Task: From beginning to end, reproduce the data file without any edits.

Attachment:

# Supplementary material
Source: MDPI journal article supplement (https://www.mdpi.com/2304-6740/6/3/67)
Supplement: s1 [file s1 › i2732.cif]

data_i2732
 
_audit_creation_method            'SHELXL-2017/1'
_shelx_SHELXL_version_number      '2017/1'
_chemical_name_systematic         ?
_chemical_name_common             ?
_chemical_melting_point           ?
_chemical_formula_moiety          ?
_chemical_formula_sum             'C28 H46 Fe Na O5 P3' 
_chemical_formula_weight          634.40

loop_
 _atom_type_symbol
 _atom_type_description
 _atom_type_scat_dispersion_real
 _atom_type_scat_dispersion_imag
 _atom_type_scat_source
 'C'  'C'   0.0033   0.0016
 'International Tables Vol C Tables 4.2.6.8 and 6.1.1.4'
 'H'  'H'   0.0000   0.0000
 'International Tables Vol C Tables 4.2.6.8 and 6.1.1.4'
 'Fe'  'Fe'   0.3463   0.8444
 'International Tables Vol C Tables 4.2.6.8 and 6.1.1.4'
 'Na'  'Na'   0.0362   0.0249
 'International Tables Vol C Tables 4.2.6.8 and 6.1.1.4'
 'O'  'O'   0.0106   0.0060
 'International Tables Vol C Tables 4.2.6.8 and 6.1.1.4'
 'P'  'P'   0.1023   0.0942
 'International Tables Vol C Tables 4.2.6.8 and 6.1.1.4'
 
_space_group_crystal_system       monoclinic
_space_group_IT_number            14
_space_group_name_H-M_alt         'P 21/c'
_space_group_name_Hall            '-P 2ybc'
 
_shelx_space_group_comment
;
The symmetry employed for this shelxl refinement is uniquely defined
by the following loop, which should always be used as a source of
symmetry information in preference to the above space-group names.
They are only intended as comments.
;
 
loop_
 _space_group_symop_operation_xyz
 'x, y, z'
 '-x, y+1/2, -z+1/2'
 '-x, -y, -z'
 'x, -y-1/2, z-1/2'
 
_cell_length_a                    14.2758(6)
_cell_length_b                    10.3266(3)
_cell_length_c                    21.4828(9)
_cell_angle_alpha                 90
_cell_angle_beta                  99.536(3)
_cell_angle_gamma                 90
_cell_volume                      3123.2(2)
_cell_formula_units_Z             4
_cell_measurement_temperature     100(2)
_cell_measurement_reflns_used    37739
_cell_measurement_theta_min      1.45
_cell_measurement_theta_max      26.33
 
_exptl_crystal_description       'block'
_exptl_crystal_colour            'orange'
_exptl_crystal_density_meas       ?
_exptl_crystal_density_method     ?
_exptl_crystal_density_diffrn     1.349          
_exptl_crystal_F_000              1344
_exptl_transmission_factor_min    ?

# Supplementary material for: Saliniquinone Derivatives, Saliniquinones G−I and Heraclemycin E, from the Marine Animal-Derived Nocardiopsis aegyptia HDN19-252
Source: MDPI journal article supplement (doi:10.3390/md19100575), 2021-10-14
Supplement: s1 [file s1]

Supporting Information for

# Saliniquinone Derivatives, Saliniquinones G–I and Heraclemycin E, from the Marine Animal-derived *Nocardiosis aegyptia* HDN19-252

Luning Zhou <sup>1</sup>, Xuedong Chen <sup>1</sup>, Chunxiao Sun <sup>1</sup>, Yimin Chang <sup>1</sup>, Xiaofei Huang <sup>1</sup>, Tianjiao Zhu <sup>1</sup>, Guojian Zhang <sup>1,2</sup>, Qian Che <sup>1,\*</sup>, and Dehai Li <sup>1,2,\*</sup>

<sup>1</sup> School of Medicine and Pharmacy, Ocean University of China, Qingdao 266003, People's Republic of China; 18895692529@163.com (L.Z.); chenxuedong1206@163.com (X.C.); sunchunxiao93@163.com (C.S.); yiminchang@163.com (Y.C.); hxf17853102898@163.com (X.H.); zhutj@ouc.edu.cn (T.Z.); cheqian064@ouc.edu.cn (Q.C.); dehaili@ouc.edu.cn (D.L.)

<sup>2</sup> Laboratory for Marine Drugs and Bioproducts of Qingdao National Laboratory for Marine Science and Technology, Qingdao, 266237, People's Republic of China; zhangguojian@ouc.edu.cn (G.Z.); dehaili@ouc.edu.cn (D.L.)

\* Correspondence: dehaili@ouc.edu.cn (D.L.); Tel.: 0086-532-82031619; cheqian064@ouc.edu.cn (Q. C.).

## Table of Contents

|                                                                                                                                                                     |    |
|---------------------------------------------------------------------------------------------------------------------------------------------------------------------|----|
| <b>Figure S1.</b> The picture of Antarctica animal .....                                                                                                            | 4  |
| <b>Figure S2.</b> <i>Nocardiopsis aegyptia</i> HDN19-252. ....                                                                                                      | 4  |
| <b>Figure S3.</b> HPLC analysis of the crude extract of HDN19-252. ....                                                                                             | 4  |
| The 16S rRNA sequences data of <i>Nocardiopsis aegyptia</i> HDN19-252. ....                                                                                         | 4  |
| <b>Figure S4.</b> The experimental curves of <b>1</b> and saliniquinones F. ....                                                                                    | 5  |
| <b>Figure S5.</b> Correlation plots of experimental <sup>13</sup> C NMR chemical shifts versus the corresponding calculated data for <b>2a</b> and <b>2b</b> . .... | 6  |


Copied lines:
# Supplementary material
Source: MDPI journal article supplement (https://www.mdpi.com/2304-6740/6/3/67)
Supplement: s1 [file s1 › i2732.cif]

data_i2732
 
_audit_creation_method            'SHELXL-2017/1'
_shelx_SHELXL_version_number      '2017/1'
_chemical_name_systematic         ?
_chemical_name_common             ?
_chemical_melting_point           ?
_chemical_formula_moiety          ?
_chemical_formula_sum             'C28 H46 Fe Na O5 P3' 
_chemical_formula_weight          634.40

loop_
 _atom_type_symbol
 _atom_type_description
 _atom_type_scat_dispersion_real
 _atom_type_scat_dispersion_imag
 _atom_type_scat_source
 'C'  'C'   0.0033   0.0016
 'International Tables Vol C Tables 4.2.6.8 and 6.1.1.4'
 'H'  'H'   0.0000   0.0000
 'International Tables Vol C Tables 4.2.6.8 and 6.1.1.4'
 'Fe'  'Fe'   0.3463   0.8444
 'International Tables Vol C Tables 4.2.6.8 and 6.1.1.4'
 'Na'  'Na'   0.0362   0.0249
 'International Tables Vol C Tables 4.2.6.8 and 6.1.1.4'
 'O'  'O'   0.0106   0.0060
 'International Tables Vol C Tables 4.2.6.8 and 6.1.1.4'
 'P'  'P'   0.1023   0.0942
 'International Tables Vol C Tables 4.2.6.8 and 6.1.1.4'
 
_space_group_crystal_system       monoclinic
_space_group_IT_number            14
_space_group_name_H-M_alt         'P 21/c'
_space_group_name_Hall            '-P 2ybc'
 
_shelx_space_group_comment
;
The symmetry employed for this shelxl refinement is uniquely defined
by the following loop, which should always be used as a source of
symmetry information in preference to the above space-group names.
They are only intended as comments.
;
 
loop_
 _space_group_symop_operation_xyz
 'x, y, z'
 '-x, y+1/2, -z+1/2'
 '-x, -y, -z'
 'x, -y-1/2, z-1/2'
 
_cell_length_a                    14.2758(6)
_cell_length_b                    10.3266(3)
_cell_length_c                    21.4828(9)
_cell_angle_alpha                 90
_cell_angle_beta                  99.536(3)
_cell_angle_gamma                 90
_cell_volume                      3123.2(2)
_cell_formula_units_Z             4
_cell_measurement_temperature     100(2)
_cell_measurement_reflns_used    37739
_cell_measurement_theta_min      1.45
_cell_measurement_theta_max      26.33
 
_exptl_crystal_description       'block'
_exptl_crystal_colour            'orange'
_exptl_crystal_density_meas       ?
_exptl_crystal_density_method     ?
_exptl_crystal_density_diffrn     1.349          
_exptl_crystal_F_000              1344
_exptl_transmission_factor_min    ?

# Supplementary material for: Saliniquinone Derivatives, Saliniquinones G−I and Heraclemycin E, from the Marine Animal-Derived Nocardiopsis aegyptia HDN19-252
Source: MDPI journal article supplement (doi:10.3390/md19100575), 2021-10-14
Supplement: s1 [file s1]

Supporting Information for

# Saliniquinone Derivatives, Saliniquinones G–I and Heraclemycin E, from the Marine Animal-derived *Nocardiosis aegyptia* HDN19-252

Luning Zhou <sup>1</sup>, Xuedong Chen <sup>1</sup>, Chunxiao Sun <sup>1</sup>, Yimin Chang <sup>1</sup>, Xiaofei Huang <sup>1</sup>, Tianjiao Zhu <sup>1</sup>, Guojian Zhang <sup>1,2</sup>, Qian Che <sup>1,\*</sup>, and Dehai Li <sup>1,2,\*</sup>

<sup>1</sup> School of Medicine and Pharmacy, Ocean University of China, Qingdao 266003, People's Republic of China; 18895692529@163.com (L.Z.); chenxuedong1206@163.com (X.C.); sunchunxiao93@163.com (C.S.); yiminchang@163.com (Y.C.); hxf17853102898@163.com (X.H.); zhutj@ouc.edu.cn (T.Z.); cheqian064@ouc.edu.cn (Q.C.); dehaili@ouc.edu.cn (D.L.)

<sup>2</sup> Laboratory for Marine Drugs and Bioproducts of Qingdao National Laboratory for Marine Science and Technology, Qingdao, 266237, People's Republic of China; zhangguojian@ouc.edu.cn (G.Z.); dehaili@ouc.edu.cn (D.L.)

\* Correspondence: dehaili@ouc.edu.cn (D.L.); Tel.: 0086-532-82031619; cheqian064@ouc.edu.cn (Q. C.).

## Table of Contents

|                                                                                                                                                                     |    |
|---------------------------------------------------------------------------------------------------------------------------------------------------------------------|----|
| <b>Figure S1.</b> The picture of Antarctica animal .....                                                                                                            | 4  |
| <b>Figure S2.</b> <i>Nocardiopsis aegyptia</i> HDN19-252. ....                                                                                                      | 4  |
| <b>Figure S3.</b> HPLC analysis of the crude extract of HDN19-252. ....                                                                                             | 4  |
| The 16S rRNA sequences data of <i>Nocardiopsis aegyptia</i> HDN19-252. ....                                                                                         | 4  |
| <b>Figure S4.</b> The experimental curves of <b>1</b> and saliniquinones F. ....                                                                                    | 5  |
| <b>Figure S5.</b> Correlation plots of experimental <sup>13</sup> C NMR chemical shifts versus the corresponding calculated data for <b>2a</b> and <b>2b</b> . .... | 6  |